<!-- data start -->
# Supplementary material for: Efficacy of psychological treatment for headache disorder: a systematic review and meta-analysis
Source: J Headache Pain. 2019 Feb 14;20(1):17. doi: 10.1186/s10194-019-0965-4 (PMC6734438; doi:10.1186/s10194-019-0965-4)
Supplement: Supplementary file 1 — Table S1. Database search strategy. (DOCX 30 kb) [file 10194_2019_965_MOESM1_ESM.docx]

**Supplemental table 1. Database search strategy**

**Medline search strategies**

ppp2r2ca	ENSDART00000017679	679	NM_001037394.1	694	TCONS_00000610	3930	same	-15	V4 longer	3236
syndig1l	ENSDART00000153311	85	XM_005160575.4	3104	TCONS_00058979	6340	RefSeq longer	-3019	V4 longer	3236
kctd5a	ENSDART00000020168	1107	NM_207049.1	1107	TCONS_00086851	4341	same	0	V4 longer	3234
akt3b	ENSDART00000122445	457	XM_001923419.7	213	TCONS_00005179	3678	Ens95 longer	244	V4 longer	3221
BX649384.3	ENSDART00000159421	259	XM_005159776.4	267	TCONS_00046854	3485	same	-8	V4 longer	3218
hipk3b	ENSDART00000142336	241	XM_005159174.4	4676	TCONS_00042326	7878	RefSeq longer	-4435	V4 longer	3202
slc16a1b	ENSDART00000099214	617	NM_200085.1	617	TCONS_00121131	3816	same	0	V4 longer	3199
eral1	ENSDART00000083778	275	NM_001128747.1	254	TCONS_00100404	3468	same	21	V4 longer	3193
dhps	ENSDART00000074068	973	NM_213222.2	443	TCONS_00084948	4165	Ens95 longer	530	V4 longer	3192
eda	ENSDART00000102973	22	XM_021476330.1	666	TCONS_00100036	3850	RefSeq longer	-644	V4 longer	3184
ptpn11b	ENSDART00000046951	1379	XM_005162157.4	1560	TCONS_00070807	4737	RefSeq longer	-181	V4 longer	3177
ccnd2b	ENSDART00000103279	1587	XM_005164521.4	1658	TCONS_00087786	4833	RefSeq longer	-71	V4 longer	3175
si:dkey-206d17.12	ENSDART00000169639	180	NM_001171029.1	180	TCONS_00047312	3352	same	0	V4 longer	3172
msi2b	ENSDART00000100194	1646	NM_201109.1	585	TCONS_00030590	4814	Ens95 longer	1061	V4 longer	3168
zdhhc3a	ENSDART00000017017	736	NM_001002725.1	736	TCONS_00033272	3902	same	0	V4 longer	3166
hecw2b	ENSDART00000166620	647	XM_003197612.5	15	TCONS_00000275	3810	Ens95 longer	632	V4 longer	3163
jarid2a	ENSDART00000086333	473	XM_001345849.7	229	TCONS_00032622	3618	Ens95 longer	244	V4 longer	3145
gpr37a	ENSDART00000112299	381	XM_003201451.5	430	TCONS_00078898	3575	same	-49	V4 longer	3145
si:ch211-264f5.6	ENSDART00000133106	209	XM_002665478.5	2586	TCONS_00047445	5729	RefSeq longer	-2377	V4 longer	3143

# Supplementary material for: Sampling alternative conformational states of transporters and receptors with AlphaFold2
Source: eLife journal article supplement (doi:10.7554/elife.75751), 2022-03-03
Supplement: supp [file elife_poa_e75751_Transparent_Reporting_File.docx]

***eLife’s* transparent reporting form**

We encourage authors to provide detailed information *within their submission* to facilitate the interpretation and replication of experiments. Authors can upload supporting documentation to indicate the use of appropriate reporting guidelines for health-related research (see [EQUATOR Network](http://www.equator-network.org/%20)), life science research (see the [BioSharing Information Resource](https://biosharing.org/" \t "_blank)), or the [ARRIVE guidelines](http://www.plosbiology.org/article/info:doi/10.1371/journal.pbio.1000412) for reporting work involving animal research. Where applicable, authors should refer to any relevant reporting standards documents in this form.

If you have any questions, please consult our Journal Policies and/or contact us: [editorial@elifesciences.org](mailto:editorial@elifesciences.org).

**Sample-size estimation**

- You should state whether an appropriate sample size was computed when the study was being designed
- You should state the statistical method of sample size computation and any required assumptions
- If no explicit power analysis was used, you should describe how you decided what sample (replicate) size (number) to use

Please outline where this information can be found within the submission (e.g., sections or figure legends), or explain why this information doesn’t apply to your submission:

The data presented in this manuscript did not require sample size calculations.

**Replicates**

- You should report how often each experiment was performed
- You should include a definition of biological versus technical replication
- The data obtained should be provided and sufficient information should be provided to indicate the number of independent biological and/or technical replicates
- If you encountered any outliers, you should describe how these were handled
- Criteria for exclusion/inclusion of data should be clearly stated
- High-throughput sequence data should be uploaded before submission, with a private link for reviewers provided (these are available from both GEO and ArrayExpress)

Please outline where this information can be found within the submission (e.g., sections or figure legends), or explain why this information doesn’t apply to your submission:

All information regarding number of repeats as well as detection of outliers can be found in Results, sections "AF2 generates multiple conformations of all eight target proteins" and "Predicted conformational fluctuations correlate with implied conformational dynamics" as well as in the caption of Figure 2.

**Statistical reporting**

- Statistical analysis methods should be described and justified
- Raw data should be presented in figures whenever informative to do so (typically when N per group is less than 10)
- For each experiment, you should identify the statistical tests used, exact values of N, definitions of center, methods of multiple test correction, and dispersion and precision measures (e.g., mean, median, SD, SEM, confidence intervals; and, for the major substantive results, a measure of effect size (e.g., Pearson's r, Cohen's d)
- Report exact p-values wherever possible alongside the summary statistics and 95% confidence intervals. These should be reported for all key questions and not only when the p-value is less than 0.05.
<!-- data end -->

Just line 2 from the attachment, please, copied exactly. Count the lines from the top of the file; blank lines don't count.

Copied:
Source: J Headache Pain. 2019 Feb 14;20(1):17. doi: 10.1186/s10194-019-0965-4 (PMC6734438; doi:10.1186/s10194-019-0965-4)